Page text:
A great TV theme is instantly recognizable and conjures images from the show and “California” does just this. If I ever take a trip to California I will become a giant cliché and have this blaring on at least one occasion.
“Theme From The A-Team” composed by Mike Post and Pete Carpenter for The A-Team (1983-1987)
As several of my counterparts have already pointed out, a truly iconic theme song for a show needs to be one that sets the mood and calls up images of the show within the first few beats. And it’s hard to think of one that did the job as well as the score to The A-Team, Stephen J. Cannell and Frank Lupo’s legendary 80s action-adventure series. This was not a show that was interested in pushing an agenda or tugging at the heartstrings—this was a show where men were men, things blew up constantly and despite endless gunfights and fist fights no one was ever seriously injured. Similarly, the opening theme of The A-Team is one that’s similarly forceful and bombastic, full of dynamic crescendo that’s designed to get the blood pumping from moment one.
The theme also contains a prime example of a lost art in television these days, the ability to simply explain a show’s premise and move on to the show itself. Where a modern version of this story would likely take an entire premise pilot to lay out the circumstances in which Hannibal, Face, Murdock and B.A. were wrongfully imprisoned and court-martialed, The A-Team would rather hurry up and get to the action. Accordingly, the entire backstory is compressed into twenty seconds that even the narrator seems to want to be done with as soon as possible, an understated background drum giving it the sense of a top-secret military briefing. A casual viewer could tune into any episode and know exactly what was going on from the first minute, a virtue that few shows today can claim.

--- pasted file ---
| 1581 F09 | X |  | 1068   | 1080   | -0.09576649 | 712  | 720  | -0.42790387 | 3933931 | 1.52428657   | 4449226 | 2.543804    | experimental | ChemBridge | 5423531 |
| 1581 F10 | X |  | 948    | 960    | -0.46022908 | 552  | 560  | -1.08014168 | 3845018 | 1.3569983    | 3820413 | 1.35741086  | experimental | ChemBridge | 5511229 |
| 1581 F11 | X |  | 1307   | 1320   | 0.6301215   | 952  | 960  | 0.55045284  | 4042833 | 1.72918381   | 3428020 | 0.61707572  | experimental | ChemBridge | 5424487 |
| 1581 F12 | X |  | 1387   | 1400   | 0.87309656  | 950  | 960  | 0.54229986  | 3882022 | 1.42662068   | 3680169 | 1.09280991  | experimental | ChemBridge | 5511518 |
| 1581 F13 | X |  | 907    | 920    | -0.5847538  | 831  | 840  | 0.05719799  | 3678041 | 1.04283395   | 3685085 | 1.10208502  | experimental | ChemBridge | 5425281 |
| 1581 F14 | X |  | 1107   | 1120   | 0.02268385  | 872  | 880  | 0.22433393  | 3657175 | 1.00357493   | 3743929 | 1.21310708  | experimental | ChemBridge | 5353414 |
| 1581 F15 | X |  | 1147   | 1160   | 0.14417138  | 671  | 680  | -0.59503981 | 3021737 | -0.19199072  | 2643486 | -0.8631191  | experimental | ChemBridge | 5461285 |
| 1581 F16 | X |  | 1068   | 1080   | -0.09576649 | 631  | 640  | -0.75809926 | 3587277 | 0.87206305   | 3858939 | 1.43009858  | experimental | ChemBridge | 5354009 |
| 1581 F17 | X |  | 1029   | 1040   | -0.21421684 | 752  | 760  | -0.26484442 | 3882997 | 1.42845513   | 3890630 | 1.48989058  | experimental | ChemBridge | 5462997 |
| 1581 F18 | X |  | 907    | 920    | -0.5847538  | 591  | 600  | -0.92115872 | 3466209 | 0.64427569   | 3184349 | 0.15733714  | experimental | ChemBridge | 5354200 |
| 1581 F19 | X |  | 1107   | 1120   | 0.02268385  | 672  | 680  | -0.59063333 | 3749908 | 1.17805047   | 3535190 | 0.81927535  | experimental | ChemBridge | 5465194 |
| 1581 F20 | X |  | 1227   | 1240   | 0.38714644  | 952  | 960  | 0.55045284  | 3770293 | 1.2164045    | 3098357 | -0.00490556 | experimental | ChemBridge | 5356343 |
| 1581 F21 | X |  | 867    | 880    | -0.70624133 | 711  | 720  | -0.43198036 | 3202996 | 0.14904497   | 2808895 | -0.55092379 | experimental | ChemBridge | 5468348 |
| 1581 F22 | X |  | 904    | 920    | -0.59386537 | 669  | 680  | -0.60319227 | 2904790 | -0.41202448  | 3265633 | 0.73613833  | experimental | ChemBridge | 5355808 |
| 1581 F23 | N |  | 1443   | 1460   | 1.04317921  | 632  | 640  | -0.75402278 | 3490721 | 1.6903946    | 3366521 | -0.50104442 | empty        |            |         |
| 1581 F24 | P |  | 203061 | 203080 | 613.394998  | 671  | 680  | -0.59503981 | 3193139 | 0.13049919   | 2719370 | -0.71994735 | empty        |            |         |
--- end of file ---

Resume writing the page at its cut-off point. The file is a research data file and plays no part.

And from there, a ricochet of gun shots spell out the show’s title, and the true joyful militarism shines through. It’s a flurry of images that promise non-stop adventure, with a full orchestra keeping the momentum going for an entire minute even as the images get more over-the-top. Helicopters! Exploding Jeeps! Hannibal in a lizard suit! Face following a Cylon! B.A. breaking down a door and then grinning widely! (And of course, a car crashing through the front of a building, because that’s the only way to make an entrance in this universe.) For The A-Team to succeed, it needed a sense of adventure and confidence from the get-go, and the energetic yet slightly goofy theme was the all-important first step.
“The Fresh Prince of Bel-Air” composed by Quincy Jones and performed by Will Smith for The Fresh Prince of Bel-Air (1990-1996)
On the surface, it’s strange that NBC’s The Fresh Prince of Bel-Air—which premiered in 1990—has an old-fashioned opening that painstakingly recounts every step of its main character’s journey from West Philadelphia, PA to Bel-Air, CA. The show was targeted at teenagers, but the theme song’s format was right out of the 1960s glory days of the gimmick sitcom. Like those of The Beverly Hillbillies or Gilligan’s Island, the theme song makes sure that new viewers understand how the convoluted premise fell into place.
It becomes even stranger when we consider that the show’s premise is actually pretty down-to-earth. There’s no set of unlikely castaways, no backwoods family in the city, and no identical cousins. Just a kid living with his aunt and uncle because his mom didn’t know how to keep him under control. There’s really no need to rehash that story every single episode, because the show makes perfect sense without it.
But the producers—along with star/songwriter/rapper Will Smith—absolutely made the right decision by including the song, because it quickly became the show’s trademark. The visuals are exaggerated to the point of cartoonish, separating the opening from the rest of the show. But more importantly, the tune is obscenely catchy, ensuring that the show itself will remain on viewers’ minds. And that has remained true as the years have passed. Fresh Prince was always a watchable show, but it was never a great one. Yet, sixteen years after it left the air, I know dozens of people who can sing the theme song verbatim.
I’d go so far as to say that the song is show’s primary legacy at this point, at least in my experience. When the show is brought up among 20- and 30-somethings, the conversation might touch on “the Carlton Dance” or Uncle Phil’s glowering or the mid-run recasting of Aunt Vivian, but it will inevitably turn to the theme song. It’s indelible, far more than the show itself.
Which of these these theme songs are Hall of Fame worthy? You tell us. Vote away.